information technology operation, the company said, it expects to
begin generating free cash flow for the first time since 2011.
Sinwell, a longtime telecom investor and chief executive of N2 Capital
Management, a Dallas-based private investment firm that owns Colt
shares, is one of those who don’t like the timing or the price of the
when there’s light at the end of the tunnel for Colt’s minority
shareholders,” he said, “Fidelity is squeezing them out at a
below-market price so they can capture the premium for themselves.”
Loporchio, a Fidelity spokesman, defended the proposed deal. In a
statement, he said that the company believed its offer “fully and
fairly values Colt and reflects the anticipated plans of Colt’s
management for the business and its prospects.” He also noted that the
deal had support from two large Colt investors, Standard Life and
Ruffer L.L.P., investment managers in Britain.
the unhappy Colt shareholders are not alone. The company’s independent
directors have also expressed dismay at the bid.
letter to Colt shareholders, those directors, who were advised by
Barclays, said they believed Fidelity’s offer “undervalues the company
and its prospects” and said they “consider that the financial terms of
the offer are not fair to the independent shareholders of Colt.”
independent directors went on to say that they believed that a sale of
the company to a third-party purchaser with a strategic interest in
Colt’s assets “could potentially achieve a price significantly higher
than the offer.”
dissenting Colt shareholders agree that an auction of the company,
where a number of interested companies could make their best offers,
is the right thing to do.
Fidelity has slammed the door on this possibility. In its bid it noted
that it would not sell its shares to any third party before December
has always been known that Fidelity is a long-term investor unwilling
to sell its interest in the company,” Mr. Loporchio said.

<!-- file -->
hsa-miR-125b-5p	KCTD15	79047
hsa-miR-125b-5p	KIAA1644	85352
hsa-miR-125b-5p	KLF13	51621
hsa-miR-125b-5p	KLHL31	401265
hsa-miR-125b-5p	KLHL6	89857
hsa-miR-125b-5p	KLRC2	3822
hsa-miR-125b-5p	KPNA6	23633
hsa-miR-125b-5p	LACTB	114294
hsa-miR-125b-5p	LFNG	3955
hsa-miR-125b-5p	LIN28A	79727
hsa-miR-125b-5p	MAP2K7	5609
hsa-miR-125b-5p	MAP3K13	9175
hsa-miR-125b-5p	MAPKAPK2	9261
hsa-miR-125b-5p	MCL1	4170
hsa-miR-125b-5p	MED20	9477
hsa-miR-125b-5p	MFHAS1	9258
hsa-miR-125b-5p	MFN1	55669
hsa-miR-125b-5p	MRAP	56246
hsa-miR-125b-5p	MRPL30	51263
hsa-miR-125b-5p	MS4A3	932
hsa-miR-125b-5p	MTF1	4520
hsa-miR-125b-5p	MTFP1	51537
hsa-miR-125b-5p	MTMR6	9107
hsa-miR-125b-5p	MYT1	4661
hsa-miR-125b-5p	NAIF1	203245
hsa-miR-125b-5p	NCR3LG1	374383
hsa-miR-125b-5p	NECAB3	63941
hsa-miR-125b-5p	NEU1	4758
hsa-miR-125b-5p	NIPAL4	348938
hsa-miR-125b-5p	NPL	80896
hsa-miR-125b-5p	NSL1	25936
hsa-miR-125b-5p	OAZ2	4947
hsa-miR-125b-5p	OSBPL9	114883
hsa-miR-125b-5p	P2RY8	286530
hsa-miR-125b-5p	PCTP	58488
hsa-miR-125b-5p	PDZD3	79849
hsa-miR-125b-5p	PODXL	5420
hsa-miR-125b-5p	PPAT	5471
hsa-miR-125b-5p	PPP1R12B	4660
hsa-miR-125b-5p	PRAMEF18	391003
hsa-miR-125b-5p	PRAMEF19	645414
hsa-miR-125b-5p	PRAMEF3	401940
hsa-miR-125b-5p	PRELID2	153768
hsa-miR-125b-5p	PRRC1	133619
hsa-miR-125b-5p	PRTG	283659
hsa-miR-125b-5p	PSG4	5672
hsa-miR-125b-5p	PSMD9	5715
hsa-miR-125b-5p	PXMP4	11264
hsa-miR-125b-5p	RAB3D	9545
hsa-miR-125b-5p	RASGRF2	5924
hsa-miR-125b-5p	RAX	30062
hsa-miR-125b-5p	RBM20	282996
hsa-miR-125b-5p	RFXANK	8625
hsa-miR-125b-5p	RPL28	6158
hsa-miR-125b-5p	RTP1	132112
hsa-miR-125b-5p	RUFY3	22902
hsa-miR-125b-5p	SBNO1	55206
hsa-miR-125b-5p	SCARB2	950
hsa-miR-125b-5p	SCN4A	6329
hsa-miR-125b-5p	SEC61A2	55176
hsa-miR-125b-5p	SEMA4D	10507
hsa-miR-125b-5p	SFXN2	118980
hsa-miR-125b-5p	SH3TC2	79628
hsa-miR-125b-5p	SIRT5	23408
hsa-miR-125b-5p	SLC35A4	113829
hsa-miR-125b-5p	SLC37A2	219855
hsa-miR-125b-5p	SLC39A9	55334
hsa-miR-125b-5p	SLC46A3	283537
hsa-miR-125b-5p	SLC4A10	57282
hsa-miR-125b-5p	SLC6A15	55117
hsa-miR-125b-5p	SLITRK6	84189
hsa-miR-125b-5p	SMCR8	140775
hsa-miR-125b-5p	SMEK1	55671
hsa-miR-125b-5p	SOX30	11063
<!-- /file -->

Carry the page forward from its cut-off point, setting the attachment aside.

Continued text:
decision hurts Colt’s outside shareholders, Mr. Sinwell said. “In this
situation where Colt is an illiquid stock, it’s difficult for a white
knight to show up and protect the minorities.”
independent directors concede that some shareholders, tired of waiting
for a turnaround at the company, might support Fidelity’s offer.
Because Fidelity’s acquisition of the minority shares in Colt would
not be an acquisition of control, the spokesman said, the transaction
is not comparable to typical mergers and acquisitions, which include a
premium for control. He questioned the comparison to the Lightower
deal and others done at similar price-to-earnings ratios.
also strongly disagree with the multiple range of 13 to 16 times
Ebitda” for the company, Mr. Loporchio said.
Instead, he said, the best comparable transaction was the 30 percent
purchase of Interoute, a European
network operator that’s 70 percent privately held. That deal went for
seven times earnings before interest, taxes, depreciation and
so, but that isn’t stopping many Colt shareholders from suspecting
that Fidelity is trying to grab the company’s upside potential for
itself — and using strong-arm tactics to do so.
A version of this article appears in print on July 26, 2015, on page
BU1 of the New York edition with the headline: Good Deal, at Least for